Wednesday, November 11, 2009


Yesterday, it has been 20 years since the fall of the Berlin wall and the eventual collapse of communist political and economic system in Central and Eastern Europe. However, there is still discussion about economic costs and benefits of German reunification (Wiedervereinigung). I've been motivated to open this debate by professor Becker's analysis (link) on the size of countries and by the recent article in Financial Times by the contributing German economist (link).

Economists in Germany and the rest of the world have long warned against the consequences of the unification of East and West Germany. After the unification, German central bank set the exchange rate at 1:1. Because East German workers' relative productivity level lagged far behind the West German level, East German workers migrated to West Germany in search of higher wages. When wage rates between West and East Germany were equalized in the absence of productivity catch-up in East Germany, the excess labor supply in the East led to high unemployment and slow changes in the economic structure. As the exchange rate was equalized and wages prevented from the natural adjustment to productivity growth, the unemployment soared as East German manufacturing sector couldn't employ labor anymore. The unemployed received massive transfer payments which, even more than a decade after the reunification, still present about 4 percent of total German income.

Today, the figures suggest that East German GDP per capita is roughly 70 percent of the Western German level and the unemployment rate exceeds 12 percent - more than twice the Western level. Low population density and high share of rural population are the main structural obstacle to higher productivity growth in the East. The majority of models in economic geography and urban economics suggests that agglomeration economies occur where population density is high. The latter yields significant advantages in terms of spillovers, search cost, factor mobility, know-how and economies of scale. Low population density is a major obstacle in attracting investment mostly because firms are not eager to locate at the periphery in the presence of high search costs and in the absence of high-skilled labor, agglomeration and linkages to economies of scale. In the U.S, for instance, Pittsburgh's industrial restructuring from resource-based steel industry into knowledge-intensive information technology, biotechnology and software development required agglomeration which combined high-skilled labor, human capital, access to regional and international markets as well as high population density.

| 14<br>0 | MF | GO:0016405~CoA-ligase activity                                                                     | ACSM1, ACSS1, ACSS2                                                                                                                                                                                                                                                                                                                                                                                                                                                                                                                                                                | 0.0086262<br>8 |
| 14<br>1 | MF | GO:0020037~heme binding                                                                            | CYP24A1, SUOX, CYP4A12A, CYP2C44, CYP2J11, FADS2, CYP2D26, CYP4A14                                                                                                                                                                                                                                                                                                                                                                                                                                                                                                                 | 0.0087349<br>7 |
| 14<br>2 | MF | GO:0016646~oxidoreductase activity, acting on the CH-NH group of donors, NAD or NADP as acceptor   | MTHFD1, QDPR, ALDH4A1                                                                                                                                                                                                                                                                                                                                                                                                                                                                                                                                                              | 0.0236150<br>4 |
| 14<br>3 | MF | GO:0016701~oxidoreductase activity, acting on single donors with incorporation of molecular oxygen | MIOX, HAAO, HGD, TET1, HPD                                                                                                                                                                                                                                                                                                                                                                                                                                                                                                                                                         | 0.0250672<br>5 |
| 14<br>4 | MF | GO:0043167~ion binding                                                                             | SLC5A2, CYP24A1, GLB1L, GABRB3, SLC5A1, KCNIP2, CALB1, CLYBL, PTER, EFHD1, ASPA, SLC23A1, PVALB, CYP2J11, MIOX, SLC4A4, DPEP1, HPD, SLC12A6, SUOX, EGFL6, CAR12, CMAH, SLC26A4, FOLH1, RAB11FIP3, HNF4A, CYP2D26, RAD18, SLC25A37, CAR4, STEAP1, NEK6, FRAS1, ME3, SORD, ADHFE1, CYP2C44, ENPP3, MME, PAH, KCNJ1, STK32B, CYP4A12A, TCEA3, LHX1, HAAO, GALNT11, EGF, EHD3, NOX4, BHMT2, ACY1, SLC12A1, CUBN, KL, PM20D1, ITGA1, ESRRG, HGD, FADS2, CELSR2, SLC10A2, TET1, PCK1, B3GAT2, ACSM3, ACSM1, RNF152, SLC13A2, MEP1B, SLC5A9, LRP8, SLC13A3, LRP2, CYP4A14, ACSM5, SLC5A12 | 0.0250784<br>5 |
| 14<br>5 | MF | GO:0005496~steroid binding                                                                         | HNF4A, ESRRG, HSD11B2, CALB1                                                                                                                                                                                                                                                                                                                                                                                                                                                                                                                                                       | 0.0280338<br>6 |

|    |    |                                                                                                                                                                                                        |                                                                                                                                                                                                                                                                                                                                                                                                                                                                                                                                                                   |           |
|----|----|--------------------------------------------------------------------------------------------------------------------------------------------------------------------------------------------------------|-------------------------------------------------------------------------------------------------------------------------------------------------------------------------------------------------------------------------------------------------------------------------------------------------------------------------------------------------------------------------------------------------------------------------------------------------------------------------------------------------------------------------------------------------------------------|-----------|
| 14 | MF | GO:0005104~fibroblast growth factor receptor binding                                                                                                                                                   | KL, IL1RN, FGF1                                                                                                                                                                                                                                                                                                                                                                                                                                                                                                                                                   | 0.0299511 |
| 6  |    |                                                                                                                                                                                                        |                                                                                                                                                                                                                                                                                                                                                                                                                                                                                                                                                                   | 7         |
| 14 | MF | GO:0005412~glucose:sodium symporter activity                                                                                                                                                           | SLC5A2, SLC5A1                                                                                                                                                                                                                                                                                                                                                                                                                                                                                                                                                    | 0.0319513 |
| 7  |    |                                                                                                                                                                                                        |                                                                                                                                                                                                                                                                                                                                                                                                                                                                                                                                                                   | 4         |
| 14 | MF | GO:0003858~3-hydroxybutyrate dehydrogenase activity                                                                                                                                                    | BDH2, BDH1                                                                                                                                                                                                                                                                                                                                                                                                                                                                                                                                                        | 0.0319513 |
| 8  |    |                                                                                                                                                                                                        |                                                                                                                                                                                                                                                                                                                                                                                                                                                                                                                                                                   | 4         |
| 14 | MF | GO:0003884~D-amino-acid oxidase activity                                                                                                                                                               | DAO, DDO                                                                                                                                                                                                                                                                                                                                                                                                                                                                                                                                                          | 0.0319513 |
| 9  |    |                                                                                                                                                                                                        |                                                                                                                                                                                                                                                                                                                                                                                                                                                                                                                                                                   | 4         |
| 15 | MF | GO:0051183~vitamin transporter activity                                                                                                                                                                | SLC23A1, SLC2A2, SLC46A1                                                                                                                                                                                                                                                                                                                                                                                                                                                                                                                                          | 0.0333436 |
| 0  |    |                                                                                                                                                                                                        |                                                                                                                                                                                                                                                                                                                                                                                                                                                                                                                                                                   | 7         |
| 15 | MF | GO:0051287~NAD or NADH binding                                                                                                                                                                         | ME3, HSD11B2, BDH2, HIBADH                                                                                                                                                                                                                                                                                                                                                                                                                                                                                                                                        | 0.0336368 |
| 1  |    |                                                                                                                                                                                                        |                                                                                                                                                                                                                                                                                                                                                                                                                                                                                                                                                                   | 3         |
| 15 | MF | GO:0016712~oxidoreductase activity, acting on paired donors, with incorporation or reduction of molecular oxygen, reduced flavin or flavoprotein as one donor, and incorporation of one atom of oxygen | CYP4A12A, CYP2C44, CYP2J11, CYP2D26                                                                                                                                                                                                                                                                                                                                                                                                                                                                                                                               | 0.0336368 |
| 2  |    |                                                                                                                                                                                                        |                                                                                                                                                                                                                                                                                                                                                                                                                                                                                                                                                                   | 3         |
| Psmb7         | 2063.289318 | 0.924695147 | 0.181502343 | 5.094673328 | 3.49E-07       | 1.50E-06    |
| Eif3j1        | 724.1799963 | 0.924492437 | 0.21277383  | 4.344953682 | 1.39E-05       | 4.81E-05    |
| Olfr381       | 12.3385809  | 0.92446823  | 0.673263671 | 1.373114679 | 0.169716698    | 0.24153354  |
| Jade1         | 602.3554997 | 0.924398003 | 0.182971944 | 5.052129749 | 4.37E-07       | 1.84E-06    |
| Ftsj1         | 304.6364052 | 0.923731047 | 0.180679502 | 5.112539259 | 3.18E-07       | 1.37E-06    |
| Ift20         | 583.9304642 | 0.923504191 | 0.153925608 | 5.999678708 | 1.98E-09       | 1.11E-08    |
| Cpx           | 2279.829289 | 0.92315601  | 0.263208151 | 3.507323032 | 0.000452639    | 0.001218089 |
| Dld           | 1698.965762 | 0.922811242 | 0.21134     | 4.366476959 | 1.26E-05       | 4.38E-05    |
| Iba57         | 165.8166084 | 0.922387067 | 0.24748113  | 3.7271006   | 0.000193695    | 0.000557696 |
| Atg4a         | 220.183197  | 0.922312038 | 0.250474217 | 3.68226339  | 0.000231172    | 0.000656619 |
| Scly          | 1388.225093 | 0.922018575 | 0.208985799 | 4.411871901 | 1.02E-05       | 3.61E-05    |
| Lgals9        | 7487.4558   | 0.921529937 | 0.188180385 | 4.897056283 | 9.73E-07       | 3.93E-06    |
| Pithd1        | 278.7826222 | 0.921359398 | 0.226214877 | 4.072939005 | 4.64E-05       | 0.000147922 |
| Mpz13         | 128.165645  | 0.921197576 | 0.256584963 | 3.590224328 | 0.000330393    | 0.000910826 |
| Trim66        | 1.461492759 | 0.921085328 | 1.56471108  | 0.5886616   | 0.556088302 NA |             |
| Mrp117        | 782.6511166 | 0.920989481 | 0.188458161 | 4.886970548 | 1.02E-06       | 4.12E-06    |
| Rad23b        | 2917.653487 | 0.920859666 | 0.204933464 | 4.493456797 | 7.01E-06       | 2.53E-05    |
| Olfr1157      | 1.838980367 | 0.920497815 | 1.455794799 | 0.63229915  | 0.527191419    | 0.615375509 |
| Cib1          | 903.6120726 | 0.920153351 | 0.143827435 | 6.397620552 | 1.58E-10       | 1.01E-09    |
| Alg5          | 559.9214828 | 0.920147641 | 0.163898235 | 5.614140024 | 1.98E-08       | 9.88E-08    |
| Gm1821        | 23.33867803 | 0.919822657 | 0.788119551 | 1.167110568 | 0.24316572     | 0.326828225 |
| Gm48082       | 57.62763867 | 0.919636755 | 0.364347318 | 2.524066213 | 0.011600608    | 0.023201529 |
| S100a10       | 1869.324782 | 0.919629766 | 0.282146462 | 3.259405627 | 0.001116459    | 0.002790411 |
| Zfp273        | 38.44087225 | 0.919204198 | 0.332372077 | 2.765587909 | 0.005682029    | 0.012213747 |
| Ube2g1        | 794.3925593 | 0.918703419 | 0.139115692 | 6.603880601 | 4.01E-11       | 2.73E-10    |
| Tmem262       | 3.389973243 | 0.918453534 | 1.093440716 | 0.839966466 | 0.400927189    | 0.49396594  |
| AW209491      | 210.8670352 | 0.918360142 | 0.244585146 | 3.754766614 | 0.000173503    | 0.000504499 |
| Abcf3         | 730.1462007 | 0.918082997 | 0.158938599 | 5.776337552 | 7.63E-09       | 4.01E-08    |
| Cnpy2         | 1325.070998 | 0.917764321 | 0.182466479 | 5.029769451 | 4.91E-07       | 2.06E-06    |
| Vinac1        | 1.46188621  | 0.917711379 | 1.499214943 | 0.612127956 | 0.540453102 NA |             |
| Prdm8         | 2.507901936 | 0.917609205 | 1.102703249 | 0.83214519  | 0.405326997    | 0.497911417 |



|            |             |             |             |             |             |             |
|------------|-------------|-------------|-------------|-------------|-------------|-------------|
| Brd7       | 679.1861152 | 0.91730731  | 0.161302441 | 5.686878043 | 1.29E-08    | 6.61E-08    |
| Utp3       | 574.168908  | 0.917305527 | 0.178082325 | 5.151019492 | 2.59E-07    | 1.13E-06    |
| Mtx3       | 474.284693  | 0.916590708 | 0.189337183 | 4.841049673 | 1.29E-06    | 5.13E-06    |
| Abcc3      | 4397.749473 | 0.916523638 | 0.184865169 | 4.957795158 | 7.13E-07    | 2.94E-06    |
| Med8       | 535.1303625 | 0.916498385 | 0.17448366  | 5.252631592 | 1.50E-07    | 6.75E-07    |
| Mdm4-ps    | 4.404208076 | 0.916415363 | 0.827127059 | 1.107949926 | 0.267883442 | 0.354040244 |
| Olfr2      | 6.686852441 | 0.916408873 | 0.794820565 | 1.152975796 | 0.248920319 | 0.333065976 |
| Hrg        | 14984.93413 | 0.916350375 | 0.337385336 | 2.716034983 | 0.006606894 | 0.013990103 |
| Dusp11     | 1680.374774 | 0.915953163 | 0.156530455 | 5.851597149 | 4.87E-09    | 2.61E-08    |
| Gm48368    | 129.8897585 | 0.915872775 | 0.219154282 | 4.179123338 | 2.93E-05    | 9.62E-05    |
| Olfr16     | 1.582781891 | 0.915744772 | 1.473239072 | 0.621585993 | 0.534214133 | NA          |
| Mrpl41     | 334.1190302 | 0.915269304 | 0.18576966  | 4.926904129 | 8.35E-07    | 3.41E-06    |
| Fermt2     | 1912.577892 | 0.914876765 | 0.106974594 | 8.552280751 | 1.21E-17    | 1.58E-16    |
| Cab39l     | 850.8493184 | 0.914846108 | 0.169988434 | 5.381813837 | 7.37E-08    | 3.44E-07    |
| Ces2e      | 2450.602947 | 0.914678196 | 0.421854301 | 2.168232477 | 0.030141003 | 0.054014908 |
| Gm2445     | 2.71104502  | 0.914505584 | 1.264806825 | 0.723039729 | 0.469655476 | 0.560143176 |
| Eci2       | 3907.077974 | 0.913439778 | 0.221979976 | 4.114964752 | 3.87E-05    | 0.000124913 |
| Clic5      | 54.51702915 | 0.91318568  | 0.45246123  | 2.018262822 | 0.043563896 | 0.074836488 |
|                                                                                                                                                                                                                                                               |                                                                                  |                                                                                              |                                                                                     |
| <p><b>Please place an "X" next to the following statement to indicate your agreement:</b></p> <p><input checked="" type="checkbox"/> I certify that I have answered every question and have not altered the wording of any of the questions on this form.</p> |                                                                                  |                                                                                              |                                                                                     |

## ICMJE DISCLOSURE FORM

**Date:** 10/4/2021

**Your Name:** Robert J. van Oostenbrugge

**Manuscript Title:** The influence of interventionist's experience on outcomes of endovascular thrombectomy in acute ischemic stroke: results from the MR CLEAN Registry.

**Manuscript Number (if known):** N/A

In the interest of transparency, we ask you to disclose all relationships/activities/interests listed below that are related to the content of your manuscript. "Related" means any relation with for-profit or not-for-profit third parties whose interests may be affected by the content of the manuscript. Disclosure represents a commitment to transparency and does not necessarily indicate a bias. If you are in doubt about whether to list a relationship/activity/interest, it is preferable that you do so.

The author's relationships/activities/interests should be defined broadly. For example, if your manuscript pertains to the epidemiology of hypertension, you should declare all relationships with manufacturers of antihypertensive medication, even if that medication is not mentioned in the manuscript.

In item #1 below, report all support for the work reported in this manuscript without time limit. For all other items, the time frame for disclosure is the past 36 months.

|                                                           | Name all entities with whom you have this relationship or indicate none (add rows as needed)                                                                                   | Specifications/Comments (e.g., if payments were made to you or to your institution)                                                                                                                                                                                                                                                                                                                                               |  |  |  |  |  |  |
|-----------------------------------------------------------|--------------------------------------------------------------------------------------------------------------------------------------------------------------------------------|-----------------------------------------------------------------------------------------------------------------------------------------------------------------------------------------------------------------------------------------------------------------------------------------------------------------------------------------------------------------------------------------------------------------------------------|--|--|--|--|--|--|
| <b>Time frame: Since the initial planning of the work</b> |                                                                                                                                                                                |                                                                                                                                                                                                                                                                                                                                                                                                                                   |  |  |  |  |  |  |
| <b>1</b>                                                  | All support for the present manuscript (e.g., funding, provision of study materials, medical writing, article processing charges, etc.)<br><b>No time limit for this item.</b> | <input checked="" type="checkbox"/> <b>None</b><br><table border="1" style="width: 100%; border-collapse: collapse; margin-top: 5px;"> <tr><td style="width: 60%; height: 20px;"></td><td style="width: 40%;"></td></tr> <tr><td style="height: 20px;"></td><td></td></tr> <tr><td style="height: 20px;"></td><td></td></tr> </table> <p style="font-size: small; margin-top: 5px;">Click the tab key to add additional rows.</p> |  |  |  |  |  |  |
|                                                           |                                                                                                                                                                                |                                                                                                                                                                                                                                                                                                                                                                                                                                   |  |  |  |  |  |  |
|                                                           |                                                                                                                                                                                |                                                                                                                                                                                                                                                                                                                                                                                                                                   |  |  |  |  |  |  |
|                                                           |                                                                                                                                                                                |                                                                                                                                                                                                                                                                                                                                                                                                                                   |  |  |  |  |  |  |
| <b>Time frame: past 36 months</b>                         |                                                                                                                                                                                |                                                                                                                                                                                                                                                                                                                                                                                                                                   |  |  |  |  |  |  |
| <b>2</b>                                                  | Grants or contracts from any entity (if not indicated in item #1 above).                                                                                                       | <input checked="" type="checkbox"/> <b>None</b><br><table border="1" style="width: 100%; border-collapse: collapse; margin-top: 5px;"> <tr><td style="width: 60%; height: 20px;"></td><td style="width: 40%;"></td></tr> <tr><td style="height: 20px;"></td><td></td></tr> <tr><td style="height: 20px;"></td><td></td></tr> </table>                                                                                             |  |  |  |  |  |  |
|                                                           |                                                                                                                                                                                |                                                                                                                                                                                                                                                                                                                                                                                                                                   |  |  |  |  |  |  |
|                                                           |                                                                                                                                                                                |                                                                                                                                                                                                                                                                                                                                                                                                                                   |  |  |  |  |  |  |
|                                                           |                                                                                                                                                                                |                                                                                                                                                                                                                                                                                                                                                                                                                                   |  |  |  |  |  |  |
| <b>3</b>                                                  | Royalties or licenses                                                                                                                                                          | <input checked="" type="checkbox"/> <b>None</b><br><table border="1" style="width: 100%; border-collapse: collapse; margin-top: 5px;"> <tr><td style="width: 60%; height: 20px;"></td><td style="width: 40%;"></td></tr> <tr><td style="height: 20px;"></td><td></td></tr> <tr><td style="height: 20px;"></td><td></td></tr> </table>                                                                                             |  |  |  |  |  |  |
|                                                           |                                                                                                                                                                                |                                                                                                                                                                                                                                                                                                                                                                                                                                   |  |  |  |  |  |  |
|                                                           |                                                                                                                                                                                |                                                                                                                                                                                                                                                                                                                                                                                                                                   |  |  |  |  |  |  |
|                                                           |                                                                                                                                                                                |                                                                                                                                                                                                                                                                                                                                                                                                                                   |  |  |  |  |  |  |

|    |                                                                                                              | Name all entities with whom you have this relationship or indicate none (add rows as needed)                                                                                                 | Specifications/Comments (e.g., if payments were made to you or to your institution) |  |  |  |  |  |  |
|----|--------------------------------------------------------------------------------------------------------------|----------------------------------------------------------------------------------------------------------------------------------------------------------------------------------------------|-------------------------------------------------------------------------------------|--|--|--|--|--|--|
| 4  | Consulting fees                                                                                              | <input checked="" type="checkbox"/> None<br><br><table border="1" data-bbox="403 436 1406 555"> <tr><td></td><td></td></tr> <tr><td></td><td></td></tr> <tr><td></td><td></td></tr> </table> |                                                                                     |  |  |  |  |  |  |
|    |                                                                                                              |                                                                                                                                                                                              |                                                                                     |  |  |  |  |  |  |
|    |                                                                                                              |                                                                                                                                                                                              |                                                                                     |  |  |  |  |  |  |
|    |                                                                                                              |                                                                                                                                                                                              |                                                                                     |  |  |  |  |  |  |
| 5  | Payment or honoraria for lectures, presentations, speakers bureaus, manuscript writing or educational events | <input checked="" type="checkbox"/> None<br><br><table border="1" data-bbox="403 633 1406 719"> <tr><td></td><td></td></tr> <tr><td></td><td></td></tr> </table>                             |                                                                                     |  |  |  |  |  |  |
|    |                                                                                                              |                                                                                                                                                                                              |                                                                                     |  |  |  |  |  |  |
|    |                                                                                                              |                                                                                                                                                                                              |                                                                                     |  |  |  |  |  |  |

In Germany, for example, Hamburg generated the highest GDP per capita (€51,000) among cities and Bavaria (Bayern) generated the highest GDP per capita (€36,000) among German states. Hamburg and Munich, as well as the linking cities located in their vacinity are among the most densely populated areas which enabled them to develop core industries, spillovers, know-how and dynamic knowledge externalities. There is an overwhelming evidence that differences in population density are a good source of growth difference between east and west Germany.

After the unification, German fiscal policymakers favored an expansive fiscal policy which directed federal expenditures into poorer regions of the East to boost the development of infrastructure. However, at an exchange rate 1:1, West German firms were reluctant to invest in East Germany mainly because of higher relative price of labor. As East German workers moved to the Western part of the country, west German firms hired eastern workers. As brain drain became widespread, the convergence of east German income per capita slowed.

East Germany were far better off, if the country remained independent. The reunification of Germany would yield singificant economic benefits, if the unification itself were based on close economic integration with the establishment of free trade area and free movement of capital, goods and labor. If East Germany remained independent and retained its own currency without the uncovered exchange rate realignment to to West German exchange rate parity, the relative price of East German labor wouldn't increase and thus the unemployment rate would be significantly lower than it has been ever since the reunification. Thus, West German firms would easily find attractive investments in East Germany. The process would dramatically reduce disparities in population density compared to the West. Under such scenario, East Germany's macroeconomic stabilization and institutional reforms would be a lot easier and the overall economic and political transition much less painful.

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